Helicobacter pylori is believed to be the causative germ of gastritis and peptic ulcer disease. Children who are infected with Helicobacter pylori but who have no symptoms and are not treated do not shed the infection spontaneously and eventually develop early signs of stomach irritation (gastritis). This progression of deterioration of the stomach lining could lead eventually to ulcer disease or even gastric cancer in adults. This study suggests that children who are colonized with this bacterium should perhaps be treated even if they seem well. Pediatrics Vol. 104 No. 2 August 1999, pp. 216-221

And on a related note, it seems that Helicobacter pylori infections are passed from parents, especially mothers, to their children. A preschool child's likelihood of having a Helicobacter pylori infection strongly correlates with the parents', and particularly the mother's, infection status, according to research from Germany. They speculate it is possible that the mother's oral secretions may be contaminated with H. pylori and that transmission may occur when mother and child share a spoon or taste each other's food. Pediatric News 33(4):28, 1999

Methylphenidate (Ritalin®) does not induce tics or Tourette syndrome in children treated for ADHD, according to research published in the Journal of the American Academy of Child and Adolescent Psychiatry 1999;38:944-951. The researchers found that children with attention-deficit hyperactivity disorder treated with methylphenidate (MPH) are no more likely to develop tics than children who receive a placebo. The researchers did caution that physicians and parents should still monitor for the appearance or worsening of tics until larger studies confirm these findings.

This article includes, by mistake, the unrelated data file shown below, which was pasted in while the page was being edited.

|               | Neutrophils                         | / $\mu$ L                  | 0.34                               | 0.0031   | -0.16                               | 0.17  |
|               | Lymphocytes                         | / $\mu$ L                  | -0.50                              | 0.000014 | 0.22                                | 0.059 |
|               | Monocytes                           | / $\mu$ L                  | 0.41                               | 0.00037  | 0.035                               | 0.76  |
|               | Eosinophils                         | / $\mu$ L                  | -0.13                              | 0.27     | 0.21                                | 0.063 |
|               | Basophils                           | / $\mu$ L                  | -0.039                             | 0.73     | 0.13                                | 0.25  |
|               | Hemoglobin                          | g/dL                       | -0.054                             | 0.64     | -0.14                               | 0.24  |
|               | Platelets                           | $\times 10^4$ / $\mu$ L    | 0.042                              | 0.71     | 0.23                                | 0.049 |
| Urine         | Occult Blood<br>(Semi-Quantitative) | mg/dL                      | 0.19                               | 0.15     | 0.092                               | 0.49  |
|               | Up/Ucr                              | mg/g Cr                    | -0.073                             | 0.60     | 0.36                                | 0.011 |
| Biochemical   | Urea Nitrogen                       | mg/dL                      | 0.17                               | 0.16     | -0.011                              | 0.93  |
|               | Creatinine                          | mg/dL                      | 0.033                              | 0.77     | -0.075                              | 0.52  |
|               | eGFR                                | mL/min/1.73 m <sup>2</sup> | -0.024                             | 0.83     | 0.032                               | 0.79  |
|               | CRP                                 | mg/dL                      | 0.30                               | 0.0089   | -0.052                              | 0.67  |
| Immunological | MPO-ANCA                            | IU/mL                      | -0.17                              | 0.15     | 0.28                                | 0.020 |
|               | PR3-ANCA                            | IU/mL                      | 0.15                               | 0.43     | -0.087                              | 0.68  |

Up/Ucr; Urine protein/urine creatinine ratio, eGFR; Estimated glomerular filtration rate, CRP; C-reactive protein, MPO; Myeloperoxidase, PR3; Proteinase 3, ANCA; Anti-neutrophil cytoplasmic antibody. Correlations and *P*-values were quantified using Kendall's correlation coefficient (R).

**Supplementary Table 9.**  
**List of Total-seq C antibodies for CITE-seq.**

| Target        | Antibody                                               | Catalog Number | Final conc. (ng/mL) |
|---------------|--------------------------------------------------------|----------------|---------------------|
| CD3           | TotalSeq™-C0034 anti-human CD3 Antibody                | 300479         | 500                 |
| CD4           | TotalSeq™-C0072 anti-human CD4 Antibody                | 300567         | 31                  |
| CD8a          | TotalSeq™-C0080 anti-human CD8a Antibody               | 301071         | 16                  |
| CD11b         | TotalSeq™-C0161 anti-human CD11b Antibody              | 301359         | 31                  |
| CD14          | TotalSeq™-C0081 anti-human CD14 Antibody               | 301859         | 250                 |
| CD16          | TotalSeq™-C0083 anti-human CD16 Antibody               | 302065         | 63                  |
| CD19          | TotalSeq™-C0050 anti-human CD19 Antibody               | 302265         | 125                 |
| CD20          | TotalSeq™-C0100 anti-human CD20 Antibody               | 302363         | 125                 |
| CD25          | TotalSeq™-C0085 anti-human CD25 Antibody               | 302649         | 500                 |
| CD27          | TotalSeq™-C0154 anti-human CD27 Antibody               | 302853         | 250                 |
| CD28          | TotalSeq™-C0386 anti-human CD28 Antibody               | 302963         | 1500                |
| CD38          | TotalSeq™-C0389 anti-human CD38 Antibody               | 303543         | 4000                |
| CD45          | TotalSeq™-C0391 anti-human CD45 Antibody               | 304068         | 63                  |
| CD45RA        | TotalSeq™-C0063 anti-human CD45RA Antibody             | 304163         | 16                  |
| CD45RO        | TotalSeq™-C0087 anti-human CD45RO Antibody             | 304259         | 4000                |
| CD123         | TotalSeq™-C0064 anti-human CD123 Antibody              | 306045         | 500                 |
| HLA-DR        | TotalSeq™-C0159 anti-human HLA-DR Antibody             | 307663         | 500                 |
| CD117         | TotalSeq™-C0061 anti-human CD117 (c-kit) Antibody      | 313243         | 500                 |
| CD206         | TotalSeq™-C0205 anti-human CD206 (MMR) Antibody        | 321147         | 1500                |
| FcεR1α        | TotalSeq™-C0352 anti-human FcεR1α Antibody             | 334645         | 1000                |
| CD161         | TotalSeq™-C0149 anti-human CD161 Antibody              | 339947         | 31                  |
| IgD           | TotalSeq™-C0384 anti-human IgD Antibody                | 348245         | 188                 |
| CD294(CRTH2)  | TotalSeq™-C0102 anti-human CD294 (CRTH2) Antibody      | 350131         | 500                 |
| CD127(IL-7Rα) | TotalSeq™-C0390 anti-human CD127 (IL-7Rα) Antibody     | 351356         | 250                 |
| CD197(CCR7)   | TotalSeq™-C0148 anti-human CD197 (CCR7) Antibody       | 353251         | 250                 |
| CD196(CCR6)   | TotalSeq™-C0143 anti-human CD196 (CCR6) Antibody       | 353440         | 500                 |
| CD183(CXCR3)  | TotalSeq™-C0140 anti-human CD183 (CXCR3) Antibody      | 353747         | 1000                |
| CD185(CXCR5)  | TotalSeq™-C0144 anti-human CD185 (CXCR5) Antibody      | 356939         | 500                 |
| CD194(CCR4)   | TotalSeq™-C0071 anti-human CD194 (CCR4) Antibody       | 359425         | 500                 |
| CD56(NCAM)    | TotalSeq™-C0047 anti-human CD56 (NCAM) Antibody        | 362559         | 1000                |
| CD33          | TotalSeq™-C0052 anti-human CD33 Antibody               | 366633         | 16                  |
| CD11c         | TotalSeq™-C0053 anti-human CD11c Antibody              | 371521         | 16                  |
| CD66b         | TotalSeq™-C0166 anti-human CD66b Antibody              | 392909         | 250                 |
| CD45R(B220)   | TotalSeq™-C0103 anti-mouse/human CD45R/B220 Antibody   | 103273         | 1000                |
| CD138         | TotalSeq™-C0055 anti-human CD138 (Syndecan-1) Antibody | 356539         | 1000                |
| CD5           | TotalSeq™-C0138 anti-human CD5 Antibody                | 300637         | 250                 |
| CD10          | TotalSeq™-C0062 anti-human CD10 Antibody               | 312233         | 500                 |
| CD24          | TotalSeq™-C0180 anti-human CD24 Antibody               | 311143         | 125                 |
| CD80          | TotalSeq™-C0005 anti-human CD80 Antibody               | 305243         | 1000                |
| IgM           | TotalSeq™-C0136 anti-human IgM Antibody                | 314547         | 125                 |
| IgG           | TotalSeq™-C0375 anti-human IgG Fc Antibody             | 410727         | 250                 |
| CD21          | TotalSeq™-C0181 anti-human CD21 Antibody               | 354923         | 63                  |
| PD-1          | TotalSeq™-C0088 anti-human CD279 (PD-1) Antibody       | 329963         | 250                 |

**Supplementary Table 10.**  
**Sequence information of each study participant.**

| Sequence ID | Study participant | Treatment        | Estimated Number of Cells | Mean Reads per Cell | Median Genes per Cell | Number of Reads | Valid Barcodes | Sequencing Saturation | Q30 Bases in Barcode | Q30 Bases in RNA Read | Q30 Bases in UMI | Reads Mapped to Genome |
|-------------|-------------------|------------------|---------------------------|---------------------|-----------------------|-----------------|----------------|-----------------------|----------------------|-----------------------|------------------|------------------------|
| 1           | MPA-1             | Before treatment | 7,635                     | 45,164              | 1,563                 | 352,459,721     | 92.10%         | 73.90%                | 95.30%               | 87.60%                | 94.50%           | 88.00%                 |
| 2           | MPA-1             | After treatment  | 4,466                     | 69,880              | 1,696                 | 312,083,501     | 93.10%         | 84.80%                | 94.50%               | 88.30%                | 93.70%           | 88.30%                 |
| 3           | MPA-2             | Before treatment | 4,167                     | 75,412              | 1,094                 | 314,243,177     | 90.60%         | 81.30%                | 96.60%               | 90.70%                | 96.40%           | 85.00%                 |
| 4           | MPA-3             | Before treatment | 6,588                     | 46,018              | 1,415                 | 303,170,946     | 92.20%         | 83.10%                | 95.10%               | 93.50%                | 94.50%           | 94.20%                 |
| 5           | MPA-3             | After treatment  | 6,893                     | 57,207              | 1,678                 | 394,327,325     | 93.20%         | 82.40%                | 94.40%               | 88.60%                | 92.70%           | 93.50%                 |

Parents of children with severe milk allergy often seek out kosher food products labeled "pareve," a label that signifies the absence of milk. A recent report (Pediatric News 33(4):4, 1999) warned that dark chocolate labeled pareve or milk free contains significant amounts of milk allergy producing substances, due to the difficulty in completely cleaning all traces of milk from mixing equipment used for both milk chocolate and milk-free chocolate.

The Department of Health and Human Services has recommended mandatory warning labels for cigars because of increasing cigar use among teenagers. In 18 focus groups conducted by the HHS Office of the Inspector General, more than a third of 227 young people said they had smoked a cigar in the last 30 days, and 54% had done so at some point in their lives. Several teens mentioned that many of their peers use cigars as "blunts"; the tobacco inside the cigar wrapper is removed and replaced with marijuana.